There's an anxiety that is partly anticipation when writing about Rob Ford, that one will file the story and then the story will change. The phrase "at press time" appears frequently in stories about the mayor (Googles "Is Rob Ford still the mayor of Toronto?" Yes. Continues typing).
The sense that this simply cannot continue that has been building since news of a video allegedly showing the mayor (checks Twitter: My God, he's the mayor) smoking crack cocaine now saturates Toronto, which is an exhausted city. And the question being asked by outsiders is why we cannot get rid of Mayor (checks again, man, he says he's not going anywhere) Ford.
Last week, after months of obfuscation and denial, Mr. Ford (playing it safe for a few paragraphs with "Mr.") admitted to having smoked crack. This week, faced with evidence unproven in court but mounting into an Everest-like form, the man admitted to buying illegal drugs while he was mayor (I greet you here past tense, in this sentence, like a cool drink of water) and to driving while inebriated.
Suppose we were to accept crack, as Mr. Ford seems to expect us to do, as a soft party drug found in average family homes. Mr. Ford grew outraged when questioned by a councillor about what police called a "crack house" he visits. The presence of a grandmother apparently makes the house where, an informant told investigators, people "chop" crack, into more of a "crack home" in Mr. Ford's mind.
But let's remove crack from the equation: The mayor's (scans the news ticker, yes, still mayor) two new admissions (as of going to press) this week, would in normal circumstances result in the confessor either resigning or being removed from office.
Without further explanation along the lines of "Yes, I bought illegal drugs while in office. I bought black-market amoxicillin for a child with pneumonia while visiting a developing nation, shortly after I got behind the wheel after a couple of beers to drive a truck off that poor child's legs. Anything else?" confessions of the kind Mr. Ford spat out this past Wednesday in the tone of a fifth-grader who has just broken an unloved classmate's Tamagotchi, justly end political careers.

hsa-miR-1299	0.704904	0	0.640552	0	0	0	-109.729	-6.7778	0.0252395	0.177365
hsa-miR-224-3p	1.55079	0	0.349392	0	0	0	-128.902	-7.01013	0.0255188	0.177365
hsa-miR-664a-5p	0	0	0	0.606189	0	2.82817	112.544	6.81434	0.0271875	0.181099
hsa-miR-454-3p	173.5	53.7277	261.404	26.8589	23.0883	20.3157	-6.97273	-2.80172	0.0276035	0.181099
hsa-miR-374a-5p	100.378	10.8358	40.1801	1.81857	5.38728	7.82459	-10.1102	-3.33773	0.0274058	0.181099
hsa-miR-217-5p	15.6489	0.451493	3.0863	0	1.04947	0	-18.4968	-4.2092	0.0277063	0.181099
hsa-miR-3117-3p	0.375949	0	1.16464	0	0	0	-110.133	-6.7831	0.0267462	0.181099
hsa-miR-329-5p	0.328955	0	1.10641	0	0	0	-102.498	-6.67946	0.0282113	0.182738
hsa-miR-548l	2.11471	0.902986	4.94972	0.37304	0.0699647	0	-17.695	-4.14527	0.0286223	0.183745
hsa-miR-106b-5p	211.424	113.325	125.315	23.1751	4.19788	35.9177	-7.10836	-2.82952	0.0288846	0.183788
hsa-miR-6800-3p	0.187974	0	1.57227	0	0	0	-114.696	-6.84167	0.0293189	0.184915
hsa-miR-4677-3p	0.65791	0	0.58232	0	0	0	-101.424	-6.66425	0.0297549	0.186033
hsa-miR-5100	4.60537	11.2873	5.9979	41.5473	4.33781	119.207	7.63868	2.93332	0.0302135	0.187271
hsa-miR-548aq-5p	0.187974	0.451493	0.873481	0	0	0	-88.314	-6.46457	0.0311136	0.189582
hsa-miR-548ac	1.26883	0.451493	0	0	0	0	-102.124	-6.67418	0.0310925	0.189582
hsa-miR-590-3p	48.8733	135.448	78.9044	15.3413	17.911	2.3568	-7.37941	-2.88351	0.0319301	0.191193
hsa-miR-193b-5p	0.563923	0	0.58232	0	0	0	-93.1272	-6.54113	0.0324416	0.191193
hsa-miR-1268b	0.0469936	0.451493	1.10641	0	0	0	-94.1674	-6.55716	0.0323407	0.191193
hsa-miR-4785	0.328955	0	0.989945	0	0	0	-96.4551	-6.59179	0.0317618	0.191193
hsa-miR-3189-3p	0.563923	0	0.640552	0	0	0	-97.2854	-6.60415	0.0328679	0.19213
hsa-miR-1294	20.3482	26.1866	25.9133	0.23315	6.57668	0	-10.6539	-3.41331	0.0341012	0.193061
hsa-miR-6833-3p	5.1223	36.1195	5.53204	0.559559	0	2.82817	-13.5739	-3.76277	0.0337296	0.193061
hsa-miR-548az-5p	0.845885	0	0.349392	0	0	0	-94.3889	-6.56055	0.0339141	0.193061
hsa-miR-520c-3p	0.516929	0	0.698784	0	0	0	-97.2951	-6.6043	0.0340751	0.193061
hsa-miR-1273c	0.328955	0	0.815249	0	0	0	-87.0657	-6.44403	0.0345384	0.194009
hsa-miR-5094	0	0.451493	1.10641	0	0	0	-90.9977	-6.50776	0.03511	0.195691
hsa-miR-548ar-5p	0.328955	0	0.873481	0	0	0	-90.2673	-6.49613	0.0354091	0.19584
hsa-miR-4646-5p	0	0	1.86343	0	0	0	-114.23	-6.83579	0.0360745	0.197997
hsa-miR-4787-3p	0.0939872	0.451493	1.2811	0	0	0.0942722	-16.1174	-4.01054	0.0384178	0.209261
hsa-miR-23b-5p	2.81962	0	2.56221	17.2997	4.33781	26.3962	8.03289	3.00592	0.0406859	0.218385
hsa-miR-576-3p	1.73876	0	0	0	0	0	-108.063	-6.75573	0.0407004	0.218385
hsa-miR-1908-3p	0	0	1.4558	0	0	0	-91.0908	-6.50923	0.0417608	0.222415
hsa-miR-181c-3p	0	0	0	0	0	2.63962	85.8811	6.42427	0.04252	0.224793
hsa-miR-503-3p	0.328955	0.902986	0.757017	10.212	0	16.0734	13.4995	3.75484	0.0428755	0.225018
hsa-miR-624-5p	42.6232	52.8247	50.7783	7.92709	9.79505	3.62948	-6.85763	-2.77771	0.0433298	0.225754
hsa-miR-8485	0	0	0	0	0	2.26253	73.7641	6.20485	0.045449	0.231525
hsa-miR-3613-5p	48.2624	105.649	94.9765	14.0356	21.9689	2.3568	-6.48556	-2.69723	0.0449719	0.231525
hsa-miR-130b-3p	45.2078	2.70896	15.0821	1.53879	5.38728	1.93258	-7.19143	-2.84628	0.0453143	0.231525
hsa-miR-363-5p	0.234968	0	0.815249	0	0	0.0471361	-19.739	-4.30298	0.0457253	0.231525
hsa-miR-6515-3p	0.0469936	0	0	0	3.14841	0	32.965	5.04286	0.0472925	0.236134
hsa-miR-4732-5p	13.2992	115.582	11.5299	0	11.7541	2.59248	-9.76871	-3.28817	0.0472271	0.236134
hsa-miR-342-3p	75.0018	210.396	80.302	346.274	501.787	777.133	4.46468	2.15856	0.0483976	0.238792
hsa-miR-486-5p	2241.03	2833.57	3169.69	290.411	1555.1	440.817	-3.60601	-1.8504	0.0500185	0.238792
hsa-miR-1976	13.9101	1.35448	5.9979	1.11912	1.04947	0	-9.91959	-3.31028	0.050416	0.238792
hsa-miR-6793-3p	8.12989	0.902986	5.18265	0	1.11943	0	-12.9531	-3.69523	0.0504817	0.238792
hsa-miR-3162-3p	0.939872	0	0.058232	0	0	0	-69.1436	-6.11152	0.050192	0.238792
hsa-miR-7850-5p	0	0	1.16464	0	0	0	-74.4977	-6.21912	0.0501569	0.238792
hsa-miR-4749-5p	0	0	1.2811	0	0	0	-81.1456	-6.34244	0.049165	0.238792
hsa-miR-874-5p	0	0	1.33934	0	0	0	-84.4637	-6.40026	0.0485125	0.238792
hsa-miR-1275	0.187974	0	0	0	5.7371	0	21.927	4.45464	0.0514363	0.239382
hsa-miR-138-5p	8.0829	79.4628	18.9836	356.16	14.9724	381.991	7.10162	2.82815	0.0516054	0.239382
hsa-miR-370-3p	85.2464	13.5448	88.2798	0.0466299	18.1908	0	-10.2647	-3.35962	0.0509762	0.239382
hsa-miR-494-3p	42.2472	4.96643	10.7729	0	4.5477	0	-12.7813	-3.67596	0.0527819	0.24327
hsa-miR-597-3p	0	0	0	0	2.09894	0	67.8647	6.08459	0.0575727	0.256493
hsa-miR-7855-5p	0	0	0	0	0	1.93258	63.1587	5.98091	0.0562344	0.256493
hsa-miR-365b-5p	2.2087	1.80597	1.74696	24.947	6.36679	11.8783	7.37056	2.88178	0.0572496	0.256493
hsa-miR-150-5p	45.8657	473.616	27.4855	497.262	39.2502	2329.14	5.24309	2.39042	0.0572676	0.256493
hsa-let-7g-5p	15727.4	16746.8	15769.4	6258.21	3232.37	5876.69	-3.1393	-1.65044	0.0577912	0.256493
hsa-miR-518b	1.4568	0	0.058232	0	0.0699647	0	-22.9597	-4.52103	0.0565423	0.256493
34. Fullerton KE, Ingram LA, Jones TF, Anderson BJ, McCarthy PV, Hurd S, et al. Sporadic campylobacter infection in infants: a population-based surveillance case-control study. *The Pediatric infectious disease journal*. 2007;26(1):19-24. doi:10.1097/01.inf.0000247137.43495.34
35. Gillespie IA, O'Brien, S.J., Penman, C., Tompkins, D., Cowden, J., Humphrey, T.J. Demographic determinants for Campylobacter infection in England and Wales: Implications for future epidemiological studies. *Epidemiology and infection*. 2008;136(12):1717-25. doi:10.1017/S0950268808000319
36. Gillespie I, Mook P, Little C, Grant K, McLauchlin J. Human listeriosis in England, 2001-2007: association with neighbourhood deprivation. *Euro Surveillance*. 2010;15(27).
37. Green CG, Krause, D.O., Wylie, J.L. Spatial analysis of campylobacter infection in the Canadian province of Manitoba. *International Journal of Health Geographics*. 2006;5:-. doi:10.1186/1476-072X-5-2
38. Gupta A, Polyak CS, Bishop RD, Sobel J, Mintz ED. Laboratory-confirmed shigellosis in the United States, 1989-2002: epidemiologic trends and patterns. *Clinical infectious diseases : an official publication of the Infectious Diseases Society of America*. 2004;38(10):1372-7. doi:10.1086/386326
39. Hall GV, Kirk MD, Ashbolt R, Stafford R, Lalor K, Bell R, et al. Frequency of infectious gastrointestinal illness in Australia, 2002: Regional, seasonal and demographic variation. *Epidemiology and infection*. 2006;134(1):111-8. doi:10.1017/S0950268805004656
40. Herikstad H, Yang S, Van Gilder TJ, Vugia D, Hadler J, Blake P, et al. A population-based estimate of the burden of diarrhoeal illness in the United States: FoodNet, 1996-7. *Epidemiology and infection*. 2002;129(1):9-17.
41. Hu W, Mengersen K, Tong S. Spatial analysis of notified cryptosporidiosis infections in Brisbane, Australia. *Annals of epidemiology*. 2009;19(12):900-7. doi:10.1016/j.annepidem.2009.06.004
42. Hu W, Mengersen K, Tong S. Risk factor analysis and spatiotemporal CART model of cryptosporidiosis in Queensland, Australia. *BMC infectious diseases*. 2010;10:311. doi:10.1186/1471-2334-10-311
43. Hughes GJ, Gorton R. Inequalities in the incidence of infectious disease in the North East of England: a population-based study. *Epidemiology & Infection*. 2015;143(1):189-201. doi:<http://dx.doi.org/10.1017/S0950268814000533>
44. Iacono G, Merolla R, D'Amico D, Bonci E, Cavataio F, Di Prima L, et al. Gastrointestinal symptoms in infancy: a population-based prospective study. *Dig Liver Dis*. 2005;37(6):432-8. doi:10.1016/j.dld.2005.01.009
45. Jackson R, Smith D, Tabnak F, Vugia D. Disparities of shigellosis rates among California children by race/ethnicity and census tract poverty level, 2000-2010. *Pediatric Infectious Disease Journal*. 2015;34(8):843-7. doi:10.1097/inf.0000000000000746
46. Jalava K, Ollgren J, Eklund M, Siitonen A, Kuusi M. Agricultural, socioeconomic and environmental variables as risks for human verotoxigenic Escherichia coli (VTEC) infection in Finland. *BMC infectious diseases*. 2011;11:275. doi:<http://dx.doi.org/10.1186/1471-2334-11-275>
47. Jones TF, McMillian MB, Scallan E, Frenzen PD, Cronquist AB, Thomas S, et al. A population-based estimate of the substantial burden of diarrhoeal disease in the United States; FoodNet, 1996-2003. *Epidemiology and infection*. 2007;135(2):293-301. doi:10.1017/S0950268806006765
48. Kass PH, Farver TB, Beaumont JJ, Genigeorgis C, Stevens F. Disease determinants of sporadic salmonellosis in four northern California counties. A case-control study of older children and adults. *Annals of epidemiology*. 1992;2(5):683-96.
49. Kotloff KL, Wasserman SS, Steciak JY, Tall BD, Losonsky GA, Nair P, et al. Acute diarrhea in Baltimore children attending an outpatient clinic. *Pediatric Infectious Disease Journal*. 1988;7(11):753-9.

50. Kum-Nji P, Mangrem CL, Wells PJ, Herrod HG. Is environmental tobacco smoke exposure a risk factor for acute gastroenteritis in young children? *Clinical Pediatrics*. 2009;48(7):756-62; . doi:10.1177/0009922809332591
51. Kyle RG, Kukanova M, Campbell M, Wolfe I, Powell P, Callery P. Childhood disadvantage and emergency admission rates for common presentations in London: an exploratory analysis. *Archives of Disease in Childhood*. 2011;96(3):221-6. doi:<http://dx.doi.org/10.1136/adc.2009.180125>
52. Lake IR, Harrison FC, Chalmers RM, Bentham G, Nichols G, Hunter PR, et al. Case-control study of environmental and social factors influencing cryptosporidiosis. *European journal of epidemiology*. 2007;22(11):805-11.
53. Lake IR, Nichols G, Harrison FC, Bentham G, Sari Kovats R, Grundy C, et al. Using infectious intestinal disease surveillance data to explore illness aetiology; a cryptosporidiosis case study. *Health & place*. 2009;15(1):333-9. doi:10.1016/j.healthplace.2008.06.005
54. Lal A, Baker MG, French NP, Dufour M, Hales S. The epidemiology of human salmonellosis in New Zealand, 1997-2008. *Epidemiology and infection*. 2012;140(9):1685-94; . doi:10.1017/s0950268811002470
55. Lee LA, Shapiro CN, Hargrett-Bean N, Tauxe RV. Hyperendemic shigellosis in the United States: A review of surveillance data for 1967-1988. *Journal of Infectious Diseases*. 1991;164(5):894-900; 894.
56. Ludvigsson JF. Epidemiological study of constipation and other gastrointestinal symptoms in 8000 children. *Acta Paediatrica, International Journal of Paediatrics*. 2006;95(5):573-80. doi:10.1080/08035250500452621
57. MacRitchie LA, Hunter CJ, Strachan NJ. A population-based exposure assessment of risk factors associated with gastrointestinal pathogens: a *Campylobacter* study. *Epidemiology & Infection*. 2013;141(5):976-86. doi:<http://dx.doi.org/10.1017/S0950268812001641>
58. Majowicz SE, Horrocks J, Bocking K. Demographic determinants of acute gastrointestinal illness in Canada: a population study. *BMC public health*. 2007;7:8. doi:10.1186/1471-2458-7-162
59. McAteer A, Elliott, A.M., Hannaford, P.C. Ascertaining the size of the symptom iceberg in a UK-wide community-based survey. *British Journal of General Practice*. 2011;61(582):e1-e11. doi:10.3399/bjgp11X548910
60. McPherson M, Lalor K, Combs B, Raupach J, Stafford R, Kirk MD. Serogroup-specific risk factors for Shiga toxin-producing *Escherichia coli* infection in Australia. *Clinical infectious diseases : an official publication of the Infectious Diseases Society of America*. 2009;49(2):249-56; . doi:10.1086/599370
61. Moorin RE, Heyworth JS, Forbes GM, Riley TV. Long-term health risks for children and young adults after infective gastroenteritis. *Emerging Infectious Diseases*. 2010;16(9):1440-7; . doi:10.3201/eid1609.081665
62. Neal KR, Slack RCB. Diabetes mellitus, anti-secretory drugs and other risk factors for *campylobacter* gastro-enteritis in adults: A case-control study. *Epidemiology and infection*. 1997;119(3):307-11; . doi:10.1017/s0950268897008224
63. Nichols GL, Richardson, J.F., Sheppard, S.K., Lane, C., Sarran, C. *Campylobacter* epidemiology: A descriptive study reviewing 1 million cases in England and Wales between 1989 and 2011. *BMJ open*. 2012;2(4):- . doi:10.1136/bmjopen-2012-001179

Why this hasn't happened understandably confuses the world and I can offer only this explanation: We don't have a mechanism for recalling a mayor. We're Canadians and when it comes to getting rid of them at short notice, we mostly rely on our mayors having a basic capacity for shame – a thing both Rob Ford seems to lack.
Sure, he has apologized for smoking crack, driving drunk, being drunk at a public event and for buying illegal drugs. Mayor (checked and – stranger than fiction – he's still chief magistrate of Canada's largest city) Ford has repeatedly said "sorry" regarding his lapses. But to put this in perspective, he has said "sorry" about as many times as the average Canadian says "sorry" in the process of buying a newspaper, coffee and a butter tart.
It's what we do. Saying "sorry" is how Canadians breathe. But whenever Mr Ford says sorry, he whines about how horrible it is for him to apologize.
His brother, Councillor Doug Ford, said of what Mayor (as of going to press) Ford has endured, "It is kind of like what they did to Jesus Christ."
None of this is Canadian. We tend toward hockey analogies and humility, not entitlement, a quality Mayor (I have a news alert on now) Ford has in mind-boggling amounts.
He seems to think he can continue being mayor just because he has said, "I love being your mayor."
That's not Canadian! We love being warm, but we know damn well summer last only 12 weeks. We're on unfamiliar ground here. We're not equipped to deal with people like the Fords: In the face of raging, sulking, bullying men, we're at a loss. Impoliteness is our Kryptonite.
Canadians are a principled and courageous people, sure, but had the Germans walked into our trenches at Vimy Ridge and put their feet up on the furniture, we might have just stared blankly in embarrassment until they won.
Certainly confronted with the image of Toronto's (as of Nov. 15, anyway) mayor staggering around City Hall swigging from a bottle of liquor, yelling nonsensically at city staff, our laws and our nature leave us able to do little more than awkwardly suggest he use a coaster while those around him around him actually go about the sober business of being Toronto's mayor.